Simple Seven

By staff May 1, 2006

1. Pick a Number. Major theatrical producers start with a budget, and so should you. Decide how important the media room is to your lifestyle. Will it be part of a family room or a full-blown theatrical experience in a purpose-built space? Your answer will help determine a primary factor: the size, type and cost of the screen. Andrew Guenther of Advanced Audio Design notes that he's done home theaters from tiny to Travolta's and even one installation where the owners wanted a system that "cost more than the house they were living in. But it was important to them."

2. Add the Special Effects. With a designated media room, more people are adding movie posters, marquees, popcorn machines, theatrical wall sconces and rope lighting on steps. You can even purchase CDs of orchestral movie music and the ambient sound effects of people entering a theater. The only difference is that your media experience takes place comfortably in your own home!

3. Go for the Big Screen. DVD players offer cinema-quality video, so a big-screen TV, from 30 to 65 inches, is a great start. Consider the size of your room. As a starting point, Bolduc says, "typically, we are installing 50-inch televisions in leisure rooms where the homeowner is sitting eight to 10 feet away. Usually people go for too small, and the effect is underwhelming," Guenther adds.

If money is no object, the picture can come from a projector that provides up to a 10-foot image. But projectors don't work well in a bright room, so if you have a lot of ambient light choose a plasma or LCD television, which is typically brighter. Of course, you can lower the light level with blackout blinds. Some operate silently, at the touch of a button. "We do a lot of these in media rooms where one button turns off the lights, brings down the blinds, and starts the movie," says Guenther. Screen shape makes a difference, too. A DVD shown on a television will black out the top and bottom. Movies fit properly on a screen with a 2.35-to-one aspect ratio, the proportion recommended for a dedicated home theater.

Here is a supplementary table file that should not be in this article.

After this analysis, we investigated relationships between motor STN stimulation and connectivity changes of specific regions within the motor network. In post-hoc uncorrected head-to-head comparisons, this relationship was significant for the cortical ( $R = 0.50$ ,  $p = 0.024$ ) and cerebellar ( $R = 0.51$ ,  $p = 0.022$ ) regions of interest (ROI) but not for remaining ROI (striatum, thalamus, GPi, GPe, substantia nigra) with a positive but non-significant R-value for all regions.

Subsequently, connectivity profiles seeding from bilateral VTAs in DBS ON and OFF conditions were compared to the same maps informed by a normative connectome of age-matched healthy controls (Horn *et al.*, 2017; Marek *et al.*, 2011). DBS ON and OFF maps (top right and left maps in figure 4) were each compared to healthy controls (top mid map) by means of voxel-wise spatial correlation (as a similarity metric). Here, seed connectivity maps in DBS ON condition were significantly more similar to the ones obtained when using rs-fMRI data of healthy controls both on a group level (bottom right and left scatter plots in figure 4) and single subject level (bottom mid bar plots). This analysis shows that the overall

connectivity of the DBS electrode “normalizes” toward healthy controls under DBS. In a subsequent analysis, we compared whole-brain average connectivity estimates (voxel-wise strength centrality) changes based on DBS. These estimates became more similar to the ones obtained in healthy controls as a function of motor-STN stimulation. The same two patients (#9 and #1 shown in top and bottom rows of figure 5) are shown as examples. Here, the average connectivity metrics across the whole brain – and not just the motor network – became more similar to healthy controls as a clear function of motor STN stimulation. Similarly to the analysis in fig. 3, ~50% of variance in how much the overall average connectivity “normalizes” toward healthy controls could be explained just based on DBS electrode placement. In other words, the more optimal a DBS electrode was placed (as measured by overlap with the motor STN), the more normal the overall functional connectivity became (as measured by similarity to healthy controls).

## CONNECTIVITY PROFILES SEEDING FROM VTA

4. Surround Yourself with Sound. Strategically placed speakers can create theatrical sound quality. You should be able to stand or sit anywhere in the room, not just in the exact center, and hear the complete sound as though you were in a concert hall or a movie theater. Center the television or screen on the front wall and arrange speakers on the left, right and in the center behind the seating area. The left and right speakers should be the same distance apart as the distance from the front wall to the seating area. And if you're aiming for the ultimate experience, tactile transducers placed under the floor or directly onto the seating let movie watchers feel the thundering bass.

5. Plan the Space. Choose a rectangular space, not a square one, and place the screen on the short wall. Seating should float in the room just in front of center. Mark Bolduc of Tempus Electronic Lifestyles says, before anything else, determine where the viewing and sound equipment will be situated in order to install the wiring properly. If you have a dedicated theater, install acoustic paneling on the ceiling and walls to keep powerful audio from interfering with others at home. Sub floors are the ultimate in soundproofing. Try to install the media room away from bedrooms or other areas where sound would bother. Furniture, carpeting and rough surfaces help diffuse and improve sound, but avoid large windows and sliding glass doors, which distort it.

6. Find a Seat. Determine the seating arrangement that will accommodate everyone in your family. You can choose sofas, recliners or authentic movie-theater seats. You can even add a riser or two to provide the home version of stadium seating.

7. Take Control. Watching that movie should be fun, not a chore. Professional A/V installers can provide devices that simplify the equipment controls, often by performing a series of operations at the touch of a single button. Touch-screen remotes can be customized to a specific user's needs or perform a series of actions, such as dimming the lights, lowering blinds and starting the movie. A movie server can store up to 1,000 full-length feature films on its hard drive. At $15,000 to $50,000 each, they're not cheap, but Guenther has installed several recently. "The neat thing is you can search by artist, genre, title and rating, plus there's no delay in starting," he says. Movie management software networks, so TVs in other rooms have access to the movies.

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